In "Guardians of the Galaxy", we find ourselves in cosmic territory. A man from Earth (abducted as a child) named Peter Quill has found a precious artifact and attempts to sell it to the nice people on Xandar. Before he can do so however, he's intercepted by an assassin woman with green skin named Gamora. A fight ensues which attracts some other strange characters (including a talking raccoon and a tree creature) before they are all sent to prison for their misbehaviour. There they meet the super-strong Drax and eventually hatch a plan (albeit very reluctantly) to escape prison together and embark on a space adventure. Eventually, they adopt the moniker "the Guardians of the Galaxy".
This is obviously a somewhat reductive reading of the material, but it captures the essence of the plot. The Marvel movies have never relied on the intricacy of their plot details, so a long synopsis is pointless. Indeed, their strength is in the excitement of engaging with the visual spectacle and the cool characters.
Within those expectations, this film certainly succeeds. I completely agree with the general praise of its strong points. The visual effects are very impressive and the characters are thoroughly entertaining with a bold sense of humour. I also love the central idea of a group of misfits gradually progressing from outright hatred to genuine friendship, which it accomplishes in a pleasingly organic way.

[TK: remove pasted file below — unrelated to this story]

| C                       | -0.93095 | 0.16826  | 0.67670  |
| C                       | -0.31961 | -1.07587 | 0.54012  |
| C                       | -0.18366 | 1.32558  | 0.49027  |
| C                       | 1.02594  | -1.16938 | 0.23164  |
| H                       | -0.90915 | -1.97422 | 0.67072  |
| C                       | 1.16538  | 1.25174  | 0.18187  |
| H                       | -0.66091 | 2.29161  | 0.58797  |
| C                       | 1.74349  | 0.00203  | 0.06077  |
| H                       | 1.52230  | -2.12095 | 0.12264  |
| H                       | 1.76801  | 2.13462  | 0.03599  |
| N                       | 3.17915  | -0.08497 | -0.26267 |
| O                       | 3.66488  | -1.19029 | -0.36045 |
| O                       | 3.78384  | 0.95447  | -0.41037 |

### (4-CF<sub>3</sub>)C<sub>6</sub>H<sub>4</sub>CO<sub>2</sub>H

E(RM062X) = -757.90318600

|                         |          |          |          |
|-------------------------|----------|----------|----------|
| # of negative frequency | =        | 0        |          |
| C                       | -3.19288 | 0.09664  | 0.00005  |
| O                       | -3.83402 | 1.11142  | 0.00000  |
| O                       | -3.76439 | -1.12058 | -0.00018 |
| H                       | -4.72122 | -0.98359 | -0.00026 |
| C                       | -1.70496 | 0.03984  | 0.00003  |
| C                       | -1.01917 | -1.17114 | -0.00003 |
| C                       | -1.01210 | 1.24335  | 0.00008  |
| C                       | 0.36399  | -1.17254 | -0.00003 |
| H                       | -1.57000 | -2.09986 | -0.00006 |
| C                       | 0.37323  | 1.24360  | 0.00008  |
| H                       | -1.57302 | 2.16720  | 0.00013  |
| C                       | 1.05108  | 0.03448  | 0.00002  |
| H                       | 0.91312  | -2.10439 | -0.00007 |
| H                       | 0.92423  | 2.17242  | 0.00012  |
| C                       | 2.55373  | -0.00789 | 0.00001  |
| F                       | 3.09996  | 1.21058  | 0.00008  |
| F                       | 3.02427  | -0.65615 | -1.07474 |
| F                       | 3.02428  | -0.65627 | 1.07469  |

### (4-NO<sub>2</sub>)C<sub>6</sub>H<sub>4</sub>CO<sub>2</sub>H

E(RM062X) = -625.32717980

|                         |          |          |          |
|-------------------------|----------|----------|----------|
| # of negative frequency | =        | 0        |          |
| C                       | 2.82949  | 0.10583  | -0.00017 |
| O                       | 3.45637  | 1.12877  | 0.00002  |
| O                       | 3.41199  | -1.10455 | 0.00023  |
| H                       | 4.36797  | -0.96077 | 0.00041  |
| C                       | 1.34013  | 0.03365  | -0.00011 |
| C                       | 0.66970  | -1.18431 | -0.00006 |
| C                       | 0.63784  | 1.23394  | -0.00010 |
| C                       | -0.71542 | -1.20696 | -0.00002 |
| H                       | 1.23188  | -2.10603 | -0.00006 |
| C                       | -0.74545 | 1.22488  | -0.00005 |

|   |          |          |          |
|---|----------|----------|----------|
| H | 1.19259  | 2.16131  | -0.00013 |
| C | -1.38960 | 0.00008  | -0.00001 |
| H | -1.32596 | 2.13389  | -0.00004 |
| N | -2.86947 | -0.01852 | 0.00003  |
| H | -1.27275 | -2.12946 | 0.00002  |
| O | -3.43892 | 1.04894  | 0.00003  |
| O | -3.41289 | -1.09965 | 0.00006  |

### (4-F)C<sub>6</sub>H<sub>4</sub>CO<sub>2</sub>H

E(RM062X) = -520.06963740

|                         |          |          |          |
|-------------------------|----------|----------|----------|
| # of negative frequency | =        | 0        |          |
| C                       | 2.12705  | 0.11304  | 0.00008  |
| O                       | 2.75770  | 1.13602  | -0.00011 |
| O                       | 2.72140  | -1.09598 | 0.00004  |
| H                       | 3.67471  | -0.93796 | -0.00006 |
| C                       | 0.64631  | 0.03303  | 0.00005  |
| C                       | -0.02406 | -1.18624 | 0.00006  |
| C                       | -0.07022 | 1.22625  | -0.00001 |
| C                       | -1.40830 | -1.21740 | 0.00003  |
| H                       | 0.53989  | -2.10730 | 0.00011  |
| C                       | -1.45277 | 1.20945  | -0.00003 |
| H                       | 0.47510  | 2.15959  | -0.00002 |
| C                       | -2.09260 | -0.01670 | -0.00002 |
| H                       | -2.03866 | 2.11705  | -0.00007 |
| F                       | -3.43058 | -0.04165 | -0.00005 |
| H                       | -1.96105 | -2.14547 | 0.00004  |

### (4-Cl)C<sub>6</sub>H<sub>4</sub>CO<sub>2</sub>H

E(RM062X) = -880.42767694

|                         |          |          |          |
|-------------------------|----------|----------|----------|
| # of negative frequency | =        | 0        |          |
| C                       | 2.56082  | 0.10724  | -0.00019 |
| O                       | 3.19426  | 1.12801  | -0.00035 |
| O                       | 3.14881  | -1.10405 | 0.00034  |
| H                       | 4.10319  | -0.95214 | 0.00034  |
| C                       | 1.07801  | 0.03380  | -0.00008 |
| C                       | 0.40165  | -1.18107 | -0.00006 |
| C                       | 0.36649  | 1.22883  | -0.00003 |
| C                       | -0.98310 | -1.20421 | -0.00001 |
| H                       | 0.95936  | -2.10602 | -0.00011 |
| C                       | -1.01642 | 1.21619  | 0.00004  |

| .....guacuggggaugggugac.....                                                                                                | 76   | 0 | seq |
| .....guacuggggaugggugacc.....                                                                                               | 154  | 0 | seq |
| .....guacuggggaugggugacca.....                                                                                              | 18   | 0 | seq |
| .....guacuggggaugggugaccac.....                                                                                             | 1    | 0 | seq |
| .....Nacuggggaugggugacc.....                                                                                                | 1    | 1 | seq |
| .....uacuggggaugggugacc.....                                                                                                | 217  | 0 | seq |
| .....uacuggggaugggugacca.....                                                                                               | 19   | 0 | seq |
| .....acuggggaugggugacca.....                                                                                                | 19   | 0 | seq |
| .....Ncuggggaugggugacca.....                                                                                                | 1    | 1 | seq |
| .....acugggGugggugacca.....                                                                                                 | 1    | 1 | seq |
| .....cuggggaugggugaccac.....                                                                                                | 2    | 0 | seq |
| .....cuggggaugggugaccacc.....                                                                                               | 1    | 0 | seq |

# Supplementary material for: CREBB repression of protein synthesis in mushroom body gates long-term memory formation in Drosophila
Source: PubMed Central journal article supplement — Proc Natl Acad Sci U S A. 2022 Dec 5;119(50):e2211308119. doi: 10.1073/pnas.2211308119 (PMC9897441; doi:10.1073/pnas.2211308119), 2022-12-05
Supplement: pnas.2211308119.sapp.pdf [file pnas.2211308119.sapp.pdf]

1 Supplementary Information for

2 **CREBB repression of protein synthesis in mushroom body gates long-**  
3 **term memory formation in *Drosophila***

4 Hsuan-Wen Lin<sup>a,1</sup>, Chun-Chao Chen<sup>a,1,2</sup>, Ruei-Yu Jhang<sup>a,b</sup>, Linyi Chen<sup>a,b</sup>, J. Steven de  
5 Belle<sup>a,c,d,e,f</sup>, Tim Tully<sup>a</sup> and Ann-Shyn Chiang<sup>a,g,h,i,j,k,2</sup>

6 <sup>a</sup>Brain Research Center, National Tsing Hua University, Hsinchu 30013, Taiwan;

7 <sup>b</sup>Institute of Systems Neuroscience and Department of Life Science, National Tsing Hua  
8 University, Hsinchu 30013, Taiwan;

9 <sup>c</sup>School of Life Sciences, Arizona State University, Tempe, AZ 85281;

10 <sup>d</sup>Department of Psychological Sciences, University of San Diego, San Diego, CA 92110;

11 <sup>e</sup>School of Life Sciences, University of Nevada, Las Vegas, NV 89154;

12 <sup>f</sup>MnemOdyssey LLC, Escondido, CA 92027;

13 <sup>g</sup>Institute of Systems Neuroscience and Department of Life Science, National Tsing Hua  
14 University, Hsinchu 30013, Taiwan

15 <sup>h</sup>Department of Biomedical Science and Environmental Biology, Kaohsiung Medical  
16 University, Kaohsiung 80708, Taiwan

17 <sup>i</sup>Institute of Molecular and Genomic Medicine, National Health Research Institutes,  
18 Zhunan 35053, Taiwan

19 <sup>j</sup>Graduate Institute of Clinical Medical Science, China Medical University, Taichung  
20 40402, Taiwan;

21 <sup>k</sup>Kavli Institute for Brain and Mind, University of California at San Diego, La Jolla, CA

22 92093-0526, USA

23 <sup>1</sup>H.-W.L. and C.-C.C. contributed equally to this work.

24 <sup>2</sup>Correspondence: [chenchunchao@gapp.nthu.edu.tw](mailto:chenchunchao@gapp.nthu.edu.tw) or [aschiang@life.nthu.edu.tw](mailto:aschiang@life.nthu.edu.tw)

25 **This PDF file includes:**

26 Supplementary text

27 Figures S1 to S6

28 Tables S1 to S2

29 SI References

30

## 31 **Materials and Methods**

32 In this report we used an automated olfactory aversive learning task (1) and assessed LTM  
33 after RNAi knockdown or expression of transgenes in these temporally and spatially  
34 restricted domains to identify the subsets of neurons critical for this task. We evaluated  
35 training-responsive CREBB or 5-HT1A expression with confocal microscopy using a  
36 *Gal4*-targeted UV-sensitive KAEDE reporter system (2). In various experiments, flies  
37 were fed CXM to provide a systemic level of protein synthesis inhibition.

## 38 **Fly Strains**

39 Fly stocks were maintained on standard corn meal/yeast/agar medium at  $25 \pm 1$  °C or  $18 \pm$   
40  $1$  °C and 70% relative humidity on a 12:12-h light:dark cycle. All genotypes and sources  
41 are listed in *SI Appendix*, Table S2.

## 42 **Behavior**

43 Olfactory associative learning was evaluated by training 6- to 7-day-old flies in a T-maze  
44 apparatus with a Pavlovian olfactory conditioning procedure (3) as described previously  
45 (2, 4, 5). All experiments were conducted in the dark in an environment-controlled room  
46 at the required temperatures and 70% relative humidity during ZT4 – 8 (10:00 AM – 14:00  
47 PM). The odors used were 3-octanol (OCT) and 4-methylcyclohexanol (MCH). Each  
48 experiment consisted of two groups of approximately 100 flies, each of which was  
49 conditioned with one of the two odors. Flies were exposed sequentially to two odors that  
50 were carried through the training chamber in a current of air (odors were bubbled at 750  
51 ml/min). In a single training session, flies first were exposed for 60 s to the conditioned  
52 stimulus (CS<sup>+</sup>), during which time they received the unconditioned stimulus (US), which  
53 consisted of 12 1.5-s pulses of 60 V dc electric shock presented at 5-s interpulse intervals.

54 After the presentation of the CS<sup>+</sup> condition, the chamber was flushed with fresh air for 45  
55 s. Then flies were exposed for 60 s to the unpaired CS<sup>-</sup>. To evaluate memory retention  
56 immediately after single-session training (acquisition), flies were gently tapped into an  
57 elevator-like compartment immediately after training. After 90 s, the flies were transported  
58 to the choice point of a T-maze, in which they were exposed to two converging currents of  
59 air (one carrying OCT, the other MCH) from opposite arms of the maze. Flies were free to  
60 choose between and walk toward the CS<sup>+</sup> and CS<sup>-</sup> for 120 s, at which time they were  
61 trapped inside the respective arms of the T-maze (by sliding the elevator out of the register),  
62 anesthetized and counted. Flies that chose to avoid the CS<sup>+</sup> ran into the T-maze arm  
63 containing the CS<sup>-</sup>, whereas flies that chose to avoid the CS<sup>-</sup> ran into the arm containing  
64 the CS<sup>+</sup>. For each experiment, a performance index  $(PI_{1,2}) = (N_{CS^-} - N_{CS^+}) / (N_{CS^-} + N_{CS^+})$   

Yet while I acknowledge these positive attributes, I find it hard to summon up the same level of emphatic enthusiasm for the film. I found the film to be objectively funny, but it's not as "fun" as I'd hoped. This isn't entirely the film's fault, as the feeling stems mostly from its late release date. I've now reviewed many of this summer's films as "Movie of the Week" entries and they've all thrilled me with their distinctive traits (evocative shots, shrewd writing, deeply felt emotions). In comparison, this one didn't surprise me enough to give me the same kind of rush, especially when these "hero saves the day" stories are now so ubiquitous. It's therefore unlikely that I'll remember this film much at the end of the year. I already get to see Chris Pratt being hilarious every week when "Parks and Recreation" is in season. Likewise, the awesome visuals are more a function of the film's $170 million budget rather than inspired creativity. There's nothing inherently new here.
I may sound like a snarky curmudgeon, but I do genuinely feel that "Guardians of the Galaxy" is a fundamentally good film. It's hard to deny that it's made with the audience's enjoyment in mind. I'm just hesitant to exalt it as some grand achievement when it doesn't even measure up to similar films from the past few weeks alone. I'm ready for the fall movie season to begin so we can finally shift our attention to a more diverse sampling of cinema.